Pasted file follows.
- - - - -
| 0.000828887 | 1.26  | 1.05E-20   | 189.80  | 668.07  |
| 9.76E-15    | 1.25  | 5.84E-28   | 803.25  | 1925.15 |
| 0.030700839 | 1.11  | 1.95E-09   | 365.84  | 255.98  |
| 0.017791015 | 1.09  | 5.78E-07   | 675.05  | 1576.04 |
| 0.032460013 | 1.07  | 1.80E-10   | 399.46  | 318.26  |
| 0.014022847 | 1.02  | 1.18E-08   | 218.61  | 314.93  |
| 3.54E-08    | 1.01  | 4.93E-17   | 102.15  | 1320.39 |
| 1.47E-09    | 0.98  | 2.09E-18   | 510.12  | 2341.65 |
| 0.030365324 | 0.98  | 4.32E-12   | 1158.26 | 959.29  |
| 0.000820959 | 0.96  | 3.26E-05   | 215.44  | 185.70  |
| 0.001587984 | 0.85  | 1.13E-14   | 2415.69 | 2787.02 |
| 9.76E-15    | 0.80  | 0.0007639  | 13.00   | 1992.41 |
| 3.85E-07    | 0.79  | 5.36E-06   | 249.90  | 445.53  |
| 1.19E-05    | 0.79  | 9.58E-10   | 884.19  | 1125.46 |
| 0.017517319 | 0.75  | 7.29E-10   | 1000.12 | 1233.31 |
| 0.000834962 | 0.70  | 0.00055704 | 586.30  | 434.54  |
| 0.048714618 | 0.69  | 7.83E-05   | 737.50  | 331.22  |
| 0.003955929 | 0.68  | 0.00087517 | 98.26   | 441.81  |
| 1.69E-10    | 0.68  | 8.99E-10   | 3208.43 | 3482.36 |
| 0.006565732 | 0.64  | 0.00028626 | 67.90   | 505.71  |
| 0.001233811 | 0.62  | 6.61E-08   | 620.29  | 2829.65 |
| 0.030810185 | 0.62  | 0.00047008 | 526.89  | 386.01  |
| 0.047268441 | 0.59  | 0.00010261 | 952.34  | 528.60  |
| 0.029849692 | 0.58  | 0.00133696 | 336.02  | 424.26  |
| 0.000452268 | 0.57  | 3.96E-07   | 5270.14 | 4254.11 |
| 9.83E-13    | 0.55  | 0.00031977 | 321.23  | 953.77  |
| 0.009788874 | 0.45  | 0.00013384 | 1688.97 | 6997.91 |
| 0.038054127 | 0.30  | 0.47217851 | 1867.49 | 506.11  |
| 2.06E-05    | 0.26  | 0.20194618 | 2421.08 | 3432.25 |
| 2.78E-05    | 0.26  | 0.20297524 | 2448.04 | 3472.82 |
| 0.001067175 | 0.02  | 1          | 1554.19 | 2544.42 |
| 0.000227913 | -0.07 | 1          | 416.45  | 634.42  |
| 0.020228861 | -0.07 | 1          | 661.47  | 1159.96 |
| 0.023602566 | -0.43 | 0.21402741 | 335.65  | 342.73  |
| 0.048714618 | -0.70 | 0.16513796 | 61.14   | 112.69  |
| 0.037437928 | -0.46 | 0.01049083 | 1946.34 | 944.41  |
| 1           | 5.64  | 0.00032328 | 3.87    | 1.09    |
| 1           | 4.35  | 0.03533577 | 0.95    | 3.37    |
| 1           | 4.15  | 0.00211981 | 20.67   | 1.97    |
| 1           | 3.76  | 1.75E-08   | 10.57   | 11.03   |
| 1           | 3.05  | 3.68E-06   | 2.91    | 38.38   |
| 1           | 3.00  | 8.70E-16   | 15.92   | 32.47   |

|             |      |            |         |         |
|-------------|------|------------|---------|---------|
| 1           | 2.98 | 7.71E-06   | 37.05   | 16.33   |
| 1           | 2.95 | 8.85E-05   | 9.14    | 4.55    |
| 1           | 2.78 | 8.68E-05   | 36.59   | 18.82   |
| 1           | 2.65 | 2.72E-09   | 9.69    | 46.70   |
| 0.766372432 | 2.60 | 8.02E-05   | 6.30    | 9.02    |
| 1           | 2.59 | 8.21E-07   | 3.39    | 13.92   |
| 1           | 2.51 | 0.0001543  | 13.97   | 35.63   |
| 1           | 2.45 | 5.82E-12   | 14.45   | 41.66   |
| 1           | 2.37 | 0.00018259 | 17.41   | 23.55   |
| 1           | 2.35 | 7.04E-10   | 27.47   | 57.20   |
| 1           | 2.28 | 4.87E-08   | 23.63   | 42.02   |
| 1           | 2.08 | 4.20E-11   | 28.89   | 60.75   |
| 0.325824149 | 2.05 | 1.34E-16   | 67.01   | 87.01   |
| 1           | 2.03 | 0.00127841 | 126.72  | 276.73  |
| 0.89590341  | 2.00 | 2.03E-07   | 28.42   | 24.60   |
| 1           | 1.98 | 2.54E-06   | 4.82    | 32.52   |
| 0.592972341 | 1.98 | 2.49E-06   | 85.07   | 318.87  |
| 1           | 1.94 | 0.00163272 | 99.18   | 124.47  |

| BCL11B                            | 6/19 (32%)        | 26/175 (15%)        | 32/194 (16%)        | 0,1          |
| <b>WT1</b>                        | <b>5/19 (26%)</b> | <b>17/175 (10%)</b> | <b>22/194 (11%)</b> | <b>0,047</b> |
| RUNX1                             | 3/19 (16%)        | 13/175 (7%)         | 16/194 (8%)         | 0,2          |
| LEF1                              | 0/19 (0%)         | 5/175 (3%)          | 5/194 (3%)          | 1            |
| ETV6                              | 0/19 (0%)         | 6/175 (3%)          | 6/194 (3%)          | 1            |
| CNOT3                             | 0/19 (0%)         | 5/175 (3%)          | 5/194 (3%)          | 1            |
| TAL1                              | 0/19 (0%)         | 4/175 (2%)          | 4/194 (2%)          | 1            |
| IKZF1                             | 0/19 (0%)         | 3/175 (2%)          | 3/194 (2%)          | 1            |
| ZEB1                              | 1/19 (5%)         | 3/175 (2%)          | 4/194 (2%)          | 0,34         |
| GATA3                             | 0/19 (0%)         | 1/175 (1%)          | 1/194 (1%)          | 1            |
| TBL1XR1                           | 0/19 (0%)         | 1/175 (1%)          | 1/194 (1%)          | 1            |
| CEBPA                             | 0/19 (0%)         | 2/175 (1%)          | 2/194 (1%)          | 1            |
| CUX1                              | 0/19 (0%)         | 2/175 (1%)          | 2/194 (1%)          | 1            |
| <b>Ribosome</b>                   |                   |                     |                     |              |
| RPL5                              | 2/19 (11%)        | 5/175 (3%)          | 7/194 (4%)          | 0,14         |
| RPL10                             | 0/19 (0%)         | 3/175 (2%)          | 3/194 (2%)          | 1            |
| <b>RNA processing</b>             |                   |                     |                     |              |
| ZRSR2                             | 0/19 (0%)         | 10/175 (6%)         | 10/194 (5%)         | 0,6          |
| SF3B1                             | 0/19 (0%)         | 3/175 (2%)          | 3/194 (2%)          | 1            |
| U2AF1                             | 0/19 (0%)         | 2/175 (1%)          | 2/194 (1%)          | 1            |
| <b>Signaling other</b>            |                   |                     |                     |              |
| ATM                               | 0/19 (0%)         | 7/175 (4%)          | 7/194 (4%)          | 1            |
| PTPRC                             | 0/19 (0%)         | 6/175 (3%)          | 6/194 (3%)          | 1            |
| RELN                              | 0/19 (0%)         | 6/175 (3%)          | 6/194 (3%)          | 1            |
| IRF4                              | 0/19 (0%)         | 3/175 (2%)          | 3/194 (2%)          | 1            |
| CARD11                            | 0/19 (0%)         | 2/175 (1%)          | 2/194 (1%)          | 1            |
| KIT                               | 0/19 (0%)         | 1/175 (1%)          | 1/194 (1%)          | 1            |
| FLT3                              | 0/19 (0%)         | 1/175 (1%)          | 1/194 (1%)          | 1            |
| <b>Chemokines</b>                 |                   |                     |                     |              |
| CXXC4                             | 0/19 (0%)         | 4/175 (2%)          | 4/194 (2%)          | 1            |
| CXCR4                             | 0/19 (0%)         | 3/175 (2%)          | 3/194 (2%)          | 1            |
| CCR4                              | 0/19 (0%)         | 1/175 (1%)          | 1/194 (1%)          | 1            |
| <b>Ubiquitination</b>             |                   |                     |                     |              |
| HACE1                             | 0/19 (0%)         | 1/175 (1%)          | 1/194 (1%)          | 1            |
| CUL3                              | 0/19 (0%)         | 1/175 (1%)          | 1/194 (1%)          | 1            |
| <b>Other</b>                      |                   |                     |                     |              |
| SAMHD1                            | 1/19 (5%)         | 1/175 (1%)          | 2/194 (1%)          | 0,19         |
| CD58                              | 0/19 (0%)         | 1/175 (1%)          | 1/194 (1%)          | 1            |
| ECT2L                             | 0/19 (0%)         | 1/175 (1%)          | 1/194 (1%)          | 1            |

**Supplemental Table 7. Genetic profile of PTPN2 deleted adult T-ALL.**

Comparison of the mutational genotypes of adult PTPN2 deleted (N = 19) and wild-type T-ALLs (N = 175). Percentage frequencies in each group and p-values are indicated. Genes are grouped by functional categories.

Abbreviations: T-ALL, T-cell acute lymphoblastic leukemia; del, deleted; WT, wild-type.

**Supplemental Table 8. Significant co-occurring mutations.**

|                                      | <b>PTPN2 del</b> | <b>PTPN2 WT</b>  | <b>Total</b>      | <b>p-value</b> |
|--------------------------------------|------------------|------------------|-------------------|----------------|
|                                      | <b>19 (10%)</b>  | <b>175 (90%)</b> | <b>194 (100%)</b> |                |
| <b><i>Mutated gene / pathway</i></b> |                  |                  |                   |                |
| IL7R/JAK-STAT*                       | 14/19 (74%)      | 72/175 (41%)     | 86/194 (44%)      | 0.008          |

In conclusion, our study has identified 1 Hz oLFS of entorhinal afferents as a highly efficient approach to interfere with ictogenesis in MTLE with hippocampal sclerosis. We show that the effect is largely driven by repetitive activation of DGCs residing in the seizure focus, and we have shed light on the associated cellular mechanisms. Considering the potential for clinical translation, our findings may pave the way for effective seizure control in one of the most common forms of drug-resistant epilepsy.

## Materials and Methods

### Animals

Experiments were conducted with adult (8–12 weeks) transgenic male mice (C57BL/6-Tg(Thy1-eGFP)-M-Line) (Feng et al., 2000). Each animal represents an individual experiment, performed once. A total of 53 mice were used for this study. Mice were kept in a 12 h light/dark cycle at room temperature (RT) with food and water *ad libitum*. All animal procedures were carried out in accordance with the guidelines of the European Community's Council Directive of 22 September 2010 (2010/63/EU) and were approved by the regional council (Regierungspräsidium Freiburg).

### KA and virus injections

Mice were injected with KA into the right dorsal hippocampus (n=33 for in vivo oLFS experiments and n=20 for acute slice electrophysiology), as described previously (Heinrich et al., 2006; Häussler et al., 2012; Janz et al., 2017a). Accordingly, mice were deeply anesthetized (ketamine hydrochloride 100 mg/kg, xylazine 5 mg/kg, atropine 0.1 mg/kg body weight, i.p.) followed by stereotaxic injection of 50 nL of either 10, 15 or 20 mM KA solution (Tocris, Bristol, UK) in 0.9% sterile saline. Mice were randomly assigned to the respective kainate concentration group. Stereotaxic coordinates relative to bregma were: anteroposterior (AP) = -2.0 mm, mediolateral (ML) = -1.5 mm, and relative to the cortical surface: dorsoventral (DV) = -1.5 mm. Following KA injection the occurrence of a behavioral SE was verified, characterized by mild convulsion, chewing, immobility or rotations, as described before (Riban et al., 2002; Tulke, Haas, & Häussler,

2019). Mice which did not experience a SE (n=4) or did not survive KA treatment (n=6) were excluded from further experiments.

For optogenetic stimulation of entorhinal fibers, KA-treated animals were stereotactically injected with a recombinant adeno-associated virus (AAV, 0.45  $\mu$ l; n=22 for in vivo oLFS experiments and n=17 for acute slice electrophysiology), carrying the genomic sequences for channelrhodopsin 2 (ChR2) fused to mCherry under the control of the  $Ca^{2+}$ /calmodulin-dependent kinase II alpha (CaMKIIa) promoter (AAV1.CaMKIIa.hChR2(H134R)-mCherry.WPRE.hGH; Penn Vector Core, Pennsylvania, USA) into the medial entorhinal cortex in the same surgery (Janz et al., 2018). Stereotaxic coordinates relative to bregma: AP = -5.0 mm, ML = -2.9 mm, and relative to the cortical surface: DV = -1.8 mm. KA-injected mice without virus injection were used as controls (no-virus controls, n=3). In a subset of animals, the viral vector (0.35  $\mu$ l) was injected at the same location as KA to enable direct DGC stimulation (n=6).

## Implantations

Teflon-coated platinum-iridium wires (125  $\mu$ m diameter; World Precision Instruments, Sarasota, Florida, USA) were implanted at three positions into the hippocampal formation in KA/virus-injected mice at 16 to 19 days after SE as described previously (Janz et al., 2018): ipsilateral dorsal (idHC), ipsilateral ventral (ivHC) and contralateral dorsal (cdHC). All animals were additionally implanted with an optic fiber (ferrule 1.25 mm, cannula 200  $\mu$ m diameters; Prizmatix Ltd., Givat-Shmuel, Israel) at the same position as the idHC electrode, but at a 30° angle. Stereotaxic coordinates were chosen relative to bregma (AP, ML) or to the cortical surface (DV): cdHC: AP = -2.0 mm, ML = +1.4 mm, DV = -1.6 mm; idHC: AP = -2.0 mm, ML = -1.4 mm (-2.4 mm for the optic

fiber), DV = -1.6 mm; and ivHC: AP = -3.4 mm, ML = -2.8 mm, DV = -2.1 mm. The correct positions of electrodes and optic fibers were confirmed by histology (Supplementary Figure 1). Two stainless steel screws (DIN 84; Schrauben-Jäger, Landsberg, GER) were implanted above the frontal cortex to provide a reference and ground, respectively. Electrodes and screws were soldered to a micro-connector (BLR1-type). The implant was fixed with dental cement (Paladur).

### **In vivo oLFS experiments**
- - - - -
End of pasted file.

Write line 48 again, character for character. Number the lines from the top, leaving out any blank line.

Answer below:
| 1           | 2.65 | 2.72E-09   | 9.69    | 46.70   |